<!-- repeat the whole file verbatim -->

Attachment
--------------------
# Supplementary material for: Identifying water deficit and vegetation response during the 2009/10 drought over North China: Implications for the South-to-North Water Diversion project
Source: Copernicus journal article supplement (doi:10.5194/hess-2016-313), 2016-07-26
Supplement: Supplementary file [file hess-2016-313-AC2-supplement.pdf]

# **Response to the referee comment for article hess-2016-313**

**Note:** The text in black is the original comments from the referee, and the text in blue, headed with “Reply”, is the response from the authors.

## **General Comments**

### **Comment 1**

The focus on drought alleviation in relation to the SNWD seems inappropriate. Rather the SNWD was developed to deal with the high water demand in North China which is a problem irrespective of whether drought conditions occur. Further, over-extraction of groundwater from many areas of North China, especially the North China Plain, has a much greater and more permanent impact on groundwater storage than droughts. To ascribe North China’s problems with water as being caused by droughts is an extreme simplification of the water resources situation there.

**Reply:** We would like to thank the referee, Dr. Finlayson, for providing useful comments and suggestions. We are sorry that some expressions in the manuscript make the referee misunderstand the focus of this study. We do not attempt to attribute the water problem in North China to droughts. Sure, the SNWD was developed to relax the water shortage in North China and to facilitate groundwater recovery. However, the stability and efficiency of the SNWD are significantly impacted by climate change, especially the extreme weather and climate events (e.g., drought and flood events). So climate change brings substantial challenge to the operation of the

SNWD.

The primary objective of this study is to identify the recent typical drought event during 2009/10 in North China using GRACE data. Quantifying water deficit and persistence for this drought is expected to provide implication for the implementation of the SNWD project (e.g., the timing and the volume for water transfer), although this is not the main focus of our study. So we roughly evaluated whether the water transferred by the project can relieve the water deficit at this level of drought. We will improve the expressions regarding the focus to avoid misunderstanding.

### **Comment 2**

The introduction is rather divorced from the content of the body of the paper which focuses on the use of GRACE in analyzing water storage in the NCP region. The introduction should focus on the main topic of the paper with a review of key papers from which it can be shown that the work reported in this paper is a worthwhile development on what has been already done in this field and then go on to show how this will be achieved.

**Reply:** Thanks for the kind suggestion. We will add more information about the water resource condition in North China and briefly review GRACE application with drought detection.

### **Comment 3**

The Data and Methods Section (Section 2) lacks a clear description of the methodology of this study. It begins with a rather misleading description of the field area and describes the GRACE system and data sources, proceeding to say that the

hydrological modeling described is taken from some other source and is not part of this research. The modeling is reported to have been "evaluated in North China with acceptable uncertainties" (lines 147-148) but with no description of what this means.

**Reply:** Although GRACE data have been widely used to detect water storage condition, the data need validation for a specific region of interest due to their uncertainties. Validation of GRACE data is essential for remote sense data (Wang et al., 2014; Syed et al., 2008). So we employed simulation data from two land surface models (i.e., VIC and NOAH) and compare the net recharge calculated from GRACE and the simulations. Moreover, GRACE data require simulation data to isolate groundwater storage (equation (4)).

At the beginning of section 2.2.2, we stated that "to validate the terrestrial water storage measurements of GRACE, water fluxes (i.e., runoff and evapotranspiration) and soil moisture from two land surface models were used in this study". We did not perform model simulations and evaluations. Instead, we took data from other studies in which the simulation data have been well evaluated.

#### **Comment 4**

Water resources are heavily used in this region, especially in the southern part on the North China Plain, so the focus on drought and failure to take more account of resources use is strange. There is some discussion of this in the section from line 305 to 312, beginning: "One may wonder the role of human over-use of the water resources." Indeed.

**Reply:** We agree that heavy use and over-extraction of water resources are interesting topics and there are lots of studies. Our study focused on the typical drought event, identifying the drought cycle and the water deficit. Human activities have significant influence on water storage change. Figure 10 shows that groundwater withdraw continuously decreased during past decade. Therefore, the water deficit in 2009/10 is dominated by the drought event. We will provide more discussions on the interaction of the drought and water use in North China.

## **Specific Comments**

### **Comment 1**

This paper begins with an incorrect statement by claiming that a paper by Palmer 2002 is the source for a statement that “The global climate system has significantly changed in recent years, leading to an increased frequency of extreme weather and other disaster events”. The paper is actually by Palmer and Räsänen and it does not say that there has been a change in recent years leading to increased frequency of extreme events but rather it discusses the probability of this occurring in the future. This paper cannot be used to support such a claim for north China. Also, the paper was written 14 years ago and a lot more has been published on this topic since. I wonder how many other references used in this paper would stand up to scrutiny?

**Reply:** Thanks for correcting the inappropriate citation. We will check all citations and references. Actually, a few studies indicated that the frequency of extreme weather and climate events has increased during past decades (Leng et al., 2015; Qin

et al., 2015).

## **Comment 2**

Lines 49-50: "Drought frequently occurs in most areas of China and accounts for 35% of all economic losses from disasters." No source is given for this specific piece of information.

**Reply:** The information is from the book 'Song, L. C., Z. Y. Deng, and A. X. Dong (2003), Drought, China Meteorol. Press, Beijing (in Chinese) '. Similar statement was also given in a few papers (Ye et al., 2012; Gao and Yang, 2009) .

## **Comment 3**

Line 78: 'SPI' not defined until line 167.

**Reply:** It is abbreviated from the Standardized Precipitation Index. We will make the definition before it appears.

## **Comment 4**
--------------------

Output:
# Supplementary material for: Identifying water deficit and vegetation response during the 2009/10 drought over North China: Implications for the South-to-North Water Diversion project
Source: Copernicus journal article supplement (doi:10.5194/hess-2016-313), 2016-07-26
Supplement: Supplementary file [file hess-2016-313-AC2-supplement.pdf]

# **Response to the referee comment for article hess-2016-313**

**Note:** The text in black is the original comments from the referee, and the text in blue, headed with “Reply”, is the response from the authors.

## **General Comments**

### **Comment 1**

The focus on drought alleviation in relation to the SNWD seems inappropriate. Rather the SNWD was developed to deal with the high water demand in North China which is a problem irrespective of whether drought conditions occur. Further, over-extraction of groundwater from many areas of North China, especially the North China Plain, has a much greater and more permanent impact on groundwater storage than droughts. To ascribe North China’s problems with water as being caused by droughts is an extreme simplification of the water resources situation there.

**Reply:** We would like to thank the referee, Dr. Finlayson, for providing useful comments and suggestions. We are sorry that some expressions in the manuscript make the referee misunderstand the focus of this study. We do not attempt to attribute the water problem in North China to droughts. Sure, the SNWD was developed to relax the water shortage in North China and to facilitate groundwater recovery. However, the stability and efficiency of the SNWD are significantly impacted by climate change, especially the extreme weather and climate events (e.g., drought and flood events). So climate change brings substantial challenge to the operation of the

SNWD.

The primary objective of this study is to identify the recent typical drought event during 2009/10 in North China using GRACE data. Quantifying water deficit and persistence for this drought is expected to provide implication for the implementation of the SNWD project (e.g., the timing and the volume for water transfer), although this is not the main focus of our study. So we roughly evaluated whether the water transferred by the project can relieve the water deficit at this level of drought. We will improve the expressions regarding the focus to avoid misunderstanding.

### **Comment 2**

The introduction is rather divorced from the content of the body of the paper which focuses on the use of GRACE in analyzing water storage in the NCP region. The introduction should focus on the main topic of the paper with a review of key papers from which it can be shown that the work reported in this paper is a worthwhile development on what has been already done in this field and then go on to show how this will be achieved.

**Reply:** Thanks for the kind suggestion. We will add more information about the water resource condition in North China and briefly review GRACE application with drought detection.

### **Comment 3**

The Data and Methods Section (Section 2) lacks a clear description of the methodology of this study. It begins with a rather misleading description of the field area and describes the GRACE system and data sources, proceeding to say that the

hydrological modeling described is taken from some other source and is not part of this research. The modeling is reported to have been "evaluated in North China with acceptable uncertainties" (lines 147-148) but with no description of what this means.

**Reply:** Although GRACE data have been widely used to detect water storage condition, the data need validation for a specific region of interest due to their uncertainties. Validation of GRACE data is essential for remote sense data (Wang et al., 2014; Syed et al., 2008). So we employed simulation data from two land surface models (i.e., VIC and NOAH) and compare the net recharge calculated from GRACE and the simulations. Moreover, GRACE data require simulation data to isolate groundwater storage (equation (4)).

At the beginning of section 2.2.2, we stated that "to validate the terrestrial water storage measurements of GRACE, water fluxes (i.e., runoff and evapotranspiration) and soil moisture from two land surface models were used in this study". We did not perform model simulations and evaluations. Instead, we took data from other studies in which the simulation data have been well evaluated.

#### **Comment 4**

Water resources are heavily used in this region, especially in the southern part on the North China Plain, so the focus on drought and failure to take more account of resources use is strange. There is some discussion of this in the section from line 305 to 312, beginning: "One may wonder the role of human over-use of the water resources." Indeed.

**Reply:** We agree that heavy use and over-extraction of water resources are interesting topics and there are lots of studies. Our study focused on the typical drought event, identifying the drought cycle and the water deficit. Human activities have significant influence on water storage change. Figure 10 shows that groundwater withdraw continuously decreased during past decade. Therefore, the water deficit in 2009/10 is dominated by the drought event. We will provide more discussions on the interaction of the drought and water use in North China.

## **Specific Comments**

### **Comment 1**

This paper begins with an incorrect statement by claiming that a paper by Palmer 2002 is the source for a statement that “The global climate system has significantly changed in recent years, leading to an increased frequency of extreme weather and other disaster events”. The paper is actually by Palmer and Räsänen and it does not say that there has been a change in recent years leading to increased frequency of extreme events but rather it discusses the probability of this occurring in the future. This paper cannot be used to support such a claim for north China. Also, the paper was written 14 years ago and a lot more has been published on this topic since. I wonder how many other references used in this paper would stand up to scrutiny?

**Reply:** Thanks for correcting the inappropriate citation. We will check all citations and references. Actually, a few studies indicated that the frequency of extreme weather and climate events has increased during past decades (Leng et al., 2015; Qin

et al., 2015).

## **Comment 2**

Lines 49-50: "Drought frequently occurs in most areas of China and accounts for 35% of all economic losses from disasters." No source is given for this specific piece of information.

**Reply:** The information is from the book 'Song, L. C., Z. Y. Deng, and A. X. Dong (2003), Drought, China Meteorol. Press, Beijing (in Chinese) '. Similar statement was also given in a few papers (Ye et al., 2012; Gao and Yang, 2009) .

## **Comment 3**

Line 78: 'SPI' not defined until line 167.

**Reply:** It is abbreviated from the Standardized Precipitation Index. We will make the definition before it appears.

## **Comment 4**